Amendments Nos. 92 and 93 belong with the other provisions that suggest that we need correct statements. I assume that the tribunal could consider the situation if the statements were incorrect and that the tenant could take the matter to a tribunal.
We also had substantial concerns about penalties on managing agents, which was the reason for the third amendment. No legislation will be effective without penalties and those should be enforceable. The firm of managing agents that delayed and added unjustified charges in the first case that I mentioned was expelled from the Association of Residential Managing Agents, but there is nothing to prevent it from remaining in business and continuing those practices.
Such exploitation by landlords or managing agents is unjustifiable, opportunistic and near criminal, and we should not rely on regulation to deal with it. Rather, the leasehold valuation tribunal should award tenants compensation at a fair level to provide a disincentive to repeat offenders, who will not want regularly to face a tribunal over the same offence.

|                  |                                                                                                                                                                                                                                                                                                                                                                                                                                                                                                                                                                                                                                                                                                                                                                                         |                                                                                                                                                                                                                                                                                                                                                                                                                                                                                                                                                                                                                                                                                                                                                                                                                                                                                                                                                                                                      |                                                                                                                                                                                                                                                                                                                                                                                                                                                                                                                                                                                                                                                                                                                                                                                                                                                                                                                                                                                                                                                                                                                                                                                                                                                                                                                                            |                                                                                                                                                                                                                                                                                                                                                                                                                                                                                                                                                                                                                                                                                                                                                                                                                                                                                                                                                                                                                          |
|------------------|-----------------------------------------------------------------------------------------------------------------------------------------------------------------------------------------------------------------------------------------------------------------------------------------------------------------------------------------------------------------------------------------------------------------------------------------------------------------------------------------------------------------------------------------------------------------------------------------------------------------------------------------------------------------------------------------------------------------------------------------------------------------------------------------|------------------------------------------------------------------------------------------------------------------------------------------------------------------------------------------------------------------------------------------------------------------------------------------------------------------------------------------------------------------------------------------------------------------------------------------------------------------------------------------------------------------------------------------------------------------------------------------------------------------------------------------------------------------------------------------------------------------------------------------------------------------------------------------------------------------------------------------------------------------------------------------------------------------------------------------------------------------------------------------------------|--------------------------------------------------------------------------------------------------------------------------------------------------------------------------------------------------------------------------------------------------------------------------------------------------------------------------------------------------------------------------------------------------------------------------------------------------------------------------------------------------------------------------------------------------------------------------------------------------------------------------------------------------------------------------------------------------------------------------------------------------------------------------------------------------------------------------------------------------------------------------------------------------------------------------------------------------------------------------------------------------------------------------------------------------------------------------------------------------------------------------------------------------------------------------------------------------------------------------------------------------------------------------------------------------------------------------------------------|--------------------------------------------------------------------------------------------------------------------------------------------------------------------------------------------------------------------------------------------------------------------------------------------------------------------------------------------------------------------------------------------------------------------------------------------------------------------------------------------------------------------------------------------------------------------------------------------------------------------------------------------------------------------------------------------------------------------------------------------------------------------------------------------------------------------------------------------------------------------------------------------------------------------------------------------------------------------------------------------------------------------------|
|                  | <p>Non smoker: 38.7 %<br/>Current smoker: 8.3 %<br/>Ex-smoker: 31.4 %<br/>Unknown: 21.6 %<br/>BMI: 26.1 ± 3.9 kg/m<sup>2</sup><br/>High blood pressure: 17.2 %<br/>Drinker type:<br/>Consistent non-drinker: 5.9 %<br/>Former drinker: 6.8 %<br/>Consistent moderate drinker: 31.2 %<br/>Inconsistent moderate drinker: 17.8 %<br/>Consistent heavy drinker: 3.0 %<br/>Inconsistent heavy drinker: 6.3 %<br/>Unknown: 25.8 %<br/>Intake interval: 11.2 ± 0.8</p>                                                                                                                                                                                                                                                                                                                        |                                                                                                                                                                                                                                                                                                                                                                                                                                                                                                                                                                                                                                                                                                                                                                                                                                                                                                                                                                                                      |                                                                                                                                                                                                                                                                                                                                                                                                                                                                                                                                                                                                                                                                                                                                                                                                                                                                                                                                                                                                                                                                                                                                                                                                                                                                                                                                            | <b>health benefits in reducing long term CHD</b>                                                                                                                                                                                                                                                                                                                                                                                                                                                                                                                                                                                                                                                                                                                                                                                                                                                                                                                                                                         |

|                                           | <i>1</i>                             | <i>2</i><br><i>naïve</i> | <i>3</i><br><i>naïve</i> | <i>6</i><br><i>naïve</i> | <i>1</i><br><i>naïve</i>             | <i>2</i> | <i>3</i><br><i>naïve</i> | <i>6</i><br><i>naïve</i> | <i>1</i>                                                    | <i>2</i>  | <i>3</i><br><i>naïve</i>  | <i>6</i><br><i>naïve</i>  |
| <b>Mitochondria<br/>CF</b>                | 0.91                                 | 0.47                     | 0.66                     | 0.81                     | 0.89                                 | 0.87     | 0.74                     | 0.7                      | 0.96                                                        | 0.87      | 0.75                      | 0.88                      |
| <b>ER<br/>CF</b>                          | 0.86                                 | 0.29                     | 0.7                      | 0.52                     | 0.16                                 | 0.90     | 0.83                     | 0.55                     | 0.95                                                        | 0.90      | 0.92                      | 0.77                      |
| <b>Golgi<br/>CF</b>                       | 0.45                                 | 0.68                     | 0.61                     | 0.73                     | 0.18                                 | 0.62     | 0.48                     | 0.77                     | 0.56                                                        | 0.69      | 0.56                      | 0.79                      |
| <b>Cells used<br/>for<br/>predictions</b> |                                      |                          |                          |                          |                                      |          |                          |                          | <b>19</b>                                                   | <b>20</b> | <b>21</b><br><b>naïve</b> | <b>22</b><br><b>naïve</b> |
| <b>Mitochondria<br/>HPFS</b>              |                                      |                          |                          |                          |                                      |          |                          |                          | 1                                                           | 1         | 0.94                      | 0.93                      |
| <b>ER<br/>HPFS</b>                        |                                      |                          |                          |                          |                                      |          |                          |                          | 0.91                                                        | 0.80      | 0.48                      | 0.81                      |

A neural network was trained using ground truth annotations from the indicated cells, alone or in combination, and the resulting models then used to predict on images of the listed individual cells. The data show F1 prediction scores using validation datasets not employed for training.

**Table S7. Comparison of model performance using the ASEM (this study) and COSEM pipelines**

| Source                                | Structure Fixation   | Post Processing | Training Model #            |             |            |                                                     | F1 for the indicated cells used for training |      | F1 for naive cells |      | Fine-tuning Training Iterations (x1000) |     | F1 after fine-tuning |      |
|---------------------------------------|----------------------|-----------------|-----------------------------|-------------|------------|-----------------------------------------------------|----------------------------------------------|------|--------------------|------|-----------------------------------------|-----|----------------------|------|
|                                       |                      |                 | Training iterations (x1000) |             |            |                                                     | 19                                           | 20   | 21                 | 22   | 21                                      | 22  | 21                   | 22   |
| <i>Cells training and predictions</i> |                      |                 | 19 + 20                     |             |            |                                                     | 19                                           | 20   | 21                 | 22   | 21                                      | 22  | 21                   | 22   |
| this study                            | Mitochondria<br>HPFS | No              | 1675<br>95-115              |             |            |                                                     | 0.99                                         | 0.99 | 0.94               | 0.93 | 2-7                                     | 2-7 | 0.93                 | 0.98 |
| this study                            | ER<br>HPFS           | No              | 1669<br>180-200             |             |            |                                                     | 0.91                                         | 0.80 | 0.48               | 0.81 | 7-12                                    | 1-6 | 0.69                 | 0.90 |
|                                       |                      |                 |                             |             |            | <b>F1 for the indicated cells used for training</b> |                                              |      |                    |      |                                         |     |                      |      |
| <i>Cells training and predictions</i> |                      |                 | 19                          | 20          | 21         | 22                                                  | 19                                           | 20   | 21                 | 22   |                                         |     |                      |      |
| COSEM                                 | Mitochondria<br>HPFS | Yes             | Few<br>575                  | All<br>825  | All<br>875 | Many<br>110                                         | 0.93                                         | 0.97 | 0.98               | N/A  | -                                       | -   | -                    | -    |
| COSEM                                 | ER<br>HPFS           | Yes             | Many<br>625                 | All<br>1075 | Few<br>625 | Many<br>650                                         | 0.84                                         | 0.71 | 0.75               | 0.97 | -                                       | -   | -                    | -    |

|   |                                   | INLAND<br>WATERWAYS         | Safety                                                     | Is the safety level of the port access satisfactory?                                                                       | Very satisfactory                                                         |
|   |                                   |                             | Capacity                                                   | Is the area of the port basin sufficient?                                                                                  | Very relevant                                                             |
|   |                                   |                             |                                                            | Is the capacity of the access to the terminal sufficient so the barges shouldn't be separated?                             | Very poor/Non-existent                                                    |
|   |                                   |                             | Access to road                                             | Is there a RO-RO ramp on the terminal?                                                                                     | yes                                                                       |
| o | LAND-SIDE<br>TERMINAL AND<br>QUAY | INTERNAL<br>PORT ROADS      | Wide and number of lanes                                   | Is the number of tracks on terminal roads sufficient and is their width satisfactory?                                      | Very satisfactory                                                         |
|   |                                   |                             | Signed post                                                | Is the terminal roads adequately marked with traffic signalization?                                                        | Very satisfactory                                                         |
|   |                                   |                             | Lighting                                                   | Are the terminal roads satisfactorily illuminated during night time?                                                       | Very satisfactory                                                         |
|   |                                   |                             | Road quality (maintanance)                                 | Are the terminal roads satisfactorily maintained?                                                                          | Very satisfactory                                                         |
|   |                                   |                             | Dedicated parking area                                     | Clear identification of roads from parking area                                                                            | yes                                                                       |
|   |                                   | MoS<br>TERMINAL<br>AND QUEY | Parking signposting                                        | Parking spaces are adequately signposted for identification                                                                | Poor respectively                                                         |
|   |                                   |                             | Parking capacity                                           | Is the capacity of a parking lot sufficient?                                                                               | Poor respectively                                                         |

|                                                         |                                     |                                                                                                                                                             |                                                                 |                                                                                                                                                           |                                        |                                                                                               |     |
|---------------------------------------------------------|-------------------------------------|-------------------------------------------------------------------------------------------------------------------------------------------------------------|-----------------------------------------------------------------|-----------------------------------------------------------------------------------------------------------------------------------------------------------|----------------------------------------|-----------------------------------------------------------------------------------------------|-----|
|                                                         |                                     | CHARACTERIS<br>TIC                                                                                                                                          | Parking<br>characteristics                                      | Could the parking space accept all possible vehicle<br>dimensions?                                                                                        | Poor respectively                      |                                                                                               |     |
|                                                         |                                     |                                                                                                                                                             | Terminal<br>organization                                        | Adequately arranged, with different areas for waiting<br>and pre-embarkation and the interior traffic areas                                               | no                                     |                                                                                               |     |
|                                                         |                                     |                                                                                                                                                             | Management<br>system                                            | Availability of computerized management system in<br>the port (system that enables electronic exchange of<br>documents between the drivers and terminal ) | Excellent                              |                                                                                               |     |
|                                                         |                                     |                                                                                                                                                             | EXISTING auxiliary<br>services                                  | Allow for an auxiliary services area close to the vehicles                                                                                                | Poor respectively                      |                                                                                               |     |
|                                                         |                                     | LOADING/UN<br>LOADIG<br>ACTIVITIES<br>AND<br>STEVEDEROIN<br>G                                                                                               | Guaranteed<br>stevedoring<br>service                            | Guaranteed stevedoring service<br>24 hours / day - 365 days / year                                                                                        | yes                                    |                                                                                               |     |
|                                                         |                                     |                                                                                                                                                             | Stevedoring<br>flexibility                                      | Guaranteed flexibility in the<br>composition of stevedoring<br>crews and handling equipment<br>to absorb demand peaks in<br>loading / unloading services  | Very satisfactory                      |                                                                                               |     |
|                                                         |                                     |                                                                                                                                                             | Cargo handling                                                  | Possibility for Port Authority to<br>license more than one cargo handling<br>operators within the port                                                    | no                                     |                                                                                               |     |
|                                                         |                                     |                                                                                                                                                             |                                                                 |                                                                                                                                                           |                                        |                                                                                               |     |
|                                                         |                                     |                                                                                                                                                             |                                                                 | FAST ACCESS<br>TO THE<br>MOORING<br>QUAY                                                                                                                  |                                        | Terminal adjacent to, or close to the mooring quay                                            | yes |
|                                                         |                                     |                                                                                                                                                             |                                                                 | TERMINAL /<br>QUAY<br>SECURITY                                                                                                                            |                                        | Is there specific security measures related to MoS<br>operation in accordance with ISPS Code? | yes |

In view of the debate in the other place, does the Minister have in mind another form of effective sanction against landlords or managing agents who undertake the activities that I described?
I have relied on the advice of the solicitor who brought the issue to my attention and who believes that such activities are widespread and wrong and go unpunished. That cannot be allowed to continue, which is why we tabled the amendments.